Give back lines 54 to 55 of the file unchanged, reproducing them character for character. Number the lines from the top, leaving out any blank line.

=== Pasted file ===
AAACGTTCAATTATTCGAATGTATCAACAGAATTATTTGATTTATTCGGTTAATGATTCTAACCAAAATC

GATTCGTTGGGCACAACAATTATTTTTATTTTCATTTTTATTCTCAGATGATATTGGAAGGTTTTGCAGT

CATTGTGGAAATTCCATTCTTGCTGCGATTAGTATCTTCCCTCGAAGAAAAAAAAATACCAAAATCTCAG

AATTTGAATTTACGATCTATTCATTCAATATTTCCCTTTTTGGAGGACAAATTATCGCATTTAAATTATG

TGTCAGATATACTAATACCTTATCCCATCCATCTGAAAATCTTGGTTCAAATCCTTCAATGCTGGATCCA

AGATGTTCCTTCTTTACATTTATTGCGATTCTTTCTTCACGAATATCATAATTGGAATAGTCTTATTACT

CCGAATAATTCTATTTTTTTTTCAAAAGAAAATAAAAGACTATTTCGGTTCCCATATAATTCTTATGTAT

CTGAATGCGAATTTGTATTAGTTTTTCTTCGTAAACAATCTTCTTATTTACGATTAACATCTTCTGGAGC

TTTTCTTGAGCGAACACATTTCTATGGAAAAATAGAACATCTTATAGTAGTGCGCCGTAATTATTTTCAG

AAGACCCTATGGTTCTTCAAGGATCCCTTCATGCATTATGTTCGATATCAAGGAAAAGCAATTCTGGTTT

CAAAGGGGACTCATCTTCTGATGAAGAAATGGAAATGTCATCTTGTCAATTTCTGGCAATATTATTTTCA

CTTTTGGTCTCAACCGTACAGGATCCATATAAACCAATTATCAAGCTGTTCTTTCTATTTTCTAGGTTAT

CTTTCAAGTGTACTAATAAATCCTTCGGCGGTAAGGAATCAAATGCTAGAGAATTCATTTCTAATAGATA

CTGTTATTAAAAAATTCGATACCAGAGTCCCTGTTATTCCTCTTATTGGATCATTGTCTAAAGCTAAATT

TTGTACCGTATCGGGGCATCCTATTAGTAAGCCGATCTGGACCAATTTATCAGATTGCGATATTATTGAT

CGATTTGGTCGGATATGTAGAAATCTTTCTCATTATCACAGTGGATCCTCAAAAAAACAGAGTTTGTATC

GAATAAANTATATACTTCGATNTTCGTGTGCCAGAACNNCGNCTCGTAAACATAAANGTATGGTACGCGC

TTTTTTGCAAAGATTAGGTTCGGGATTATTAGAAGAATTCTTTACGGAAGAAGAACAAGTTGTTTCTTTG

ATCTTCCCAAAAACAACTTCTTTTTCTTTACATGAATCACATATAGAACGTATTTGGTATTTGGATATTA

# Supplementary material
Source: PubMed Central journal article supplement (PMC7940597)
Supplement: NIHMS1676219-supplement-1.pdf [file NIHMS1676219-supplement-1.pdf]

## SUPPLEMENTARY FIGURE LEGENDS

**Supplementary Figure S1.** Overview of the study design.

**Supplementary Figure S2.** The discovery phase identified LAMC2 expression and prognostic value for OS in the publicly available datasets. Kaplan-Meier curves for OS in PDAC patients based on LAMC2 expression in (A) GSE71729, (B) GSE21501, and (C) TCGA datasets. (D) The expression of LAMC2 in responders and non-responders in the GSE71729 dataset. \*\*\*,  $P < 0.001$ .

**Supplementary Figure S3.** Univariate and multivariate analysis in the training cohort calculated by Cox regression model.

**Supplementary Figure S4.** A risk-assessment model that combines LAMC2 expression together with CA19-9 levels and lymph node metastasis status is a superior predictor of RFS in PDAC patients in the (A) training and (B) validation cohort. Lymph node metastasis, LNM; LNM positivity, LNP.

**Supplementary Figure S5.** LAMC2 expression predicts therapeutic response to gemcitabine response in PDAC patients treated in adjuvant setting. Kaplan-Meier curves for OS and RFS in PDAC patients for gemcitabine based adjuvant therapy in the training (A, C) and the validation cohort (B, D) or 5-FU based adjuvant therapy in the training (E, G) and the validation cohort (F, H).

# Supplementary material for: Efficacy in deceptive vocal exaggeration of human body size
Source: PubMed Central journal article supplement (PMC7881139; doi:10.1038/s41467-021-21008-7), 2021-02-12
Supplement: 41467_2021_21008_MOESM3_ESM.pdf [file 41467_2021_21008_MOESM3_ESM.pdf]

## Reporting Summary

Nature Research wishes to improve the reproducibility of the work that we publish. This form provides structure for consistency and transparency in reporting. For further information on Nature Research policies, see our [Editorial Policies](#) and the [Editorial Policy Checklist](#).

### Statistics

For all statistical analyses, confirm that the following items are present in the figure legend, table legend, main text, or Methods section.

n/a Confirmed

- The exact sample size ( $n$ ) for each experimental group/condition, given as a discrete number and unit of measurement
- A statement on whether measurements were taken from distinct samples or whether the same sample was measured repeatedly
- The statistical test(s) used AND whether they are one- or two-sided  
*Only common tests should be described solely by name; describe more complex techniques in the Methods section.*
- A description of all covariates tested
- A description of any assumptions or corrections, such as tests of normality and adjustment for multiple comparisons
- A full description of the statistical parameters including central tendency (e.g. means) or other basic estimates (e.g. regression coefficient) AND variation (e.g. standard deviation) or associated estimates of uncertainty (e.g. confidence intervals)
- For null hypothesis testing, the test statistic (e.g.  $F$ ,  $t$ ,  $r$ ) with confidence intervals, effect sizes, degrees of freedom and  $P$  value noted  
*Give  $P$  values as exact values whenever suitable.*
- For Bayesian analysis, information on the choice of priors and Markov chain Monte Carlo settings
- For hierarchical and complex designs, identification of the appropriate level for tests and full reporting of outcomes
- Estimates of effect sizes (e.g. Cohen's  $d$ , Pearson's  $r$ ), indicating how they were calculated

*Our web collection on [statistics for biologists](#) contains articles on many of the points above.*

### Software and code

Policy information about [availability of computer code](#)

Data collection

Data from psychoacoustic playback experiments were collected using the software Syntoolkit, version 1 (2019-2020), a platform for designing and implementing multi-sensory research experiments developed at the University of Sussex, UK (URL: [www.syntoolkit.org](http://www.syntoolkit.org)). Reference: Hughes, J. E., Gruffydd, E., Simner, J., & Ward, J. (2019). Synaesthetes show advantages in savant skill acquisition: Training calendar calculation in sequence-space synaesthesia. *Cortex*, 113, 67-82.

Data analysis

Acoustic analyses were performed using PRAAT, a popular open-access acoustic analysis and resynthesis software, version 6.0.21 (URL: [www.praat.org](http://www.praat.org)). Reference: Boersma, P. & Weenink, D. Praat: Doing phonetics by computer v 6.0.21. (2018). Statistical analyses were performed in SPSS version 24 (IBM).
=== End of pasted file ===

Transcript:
Data analysis

Acoustic analyses were performed using PRAAT, a popular open-access acoustic analysis and resynthesis software, version 6.0.21 (URL: [www.praat.org](http://www.praat.org)). Reference: Boersma, P. & Weenink, D. Praat: Doing phonetics by computer v 6.0.21. (2018). Statistical analyses were performed in SPSS version 24 (IBM).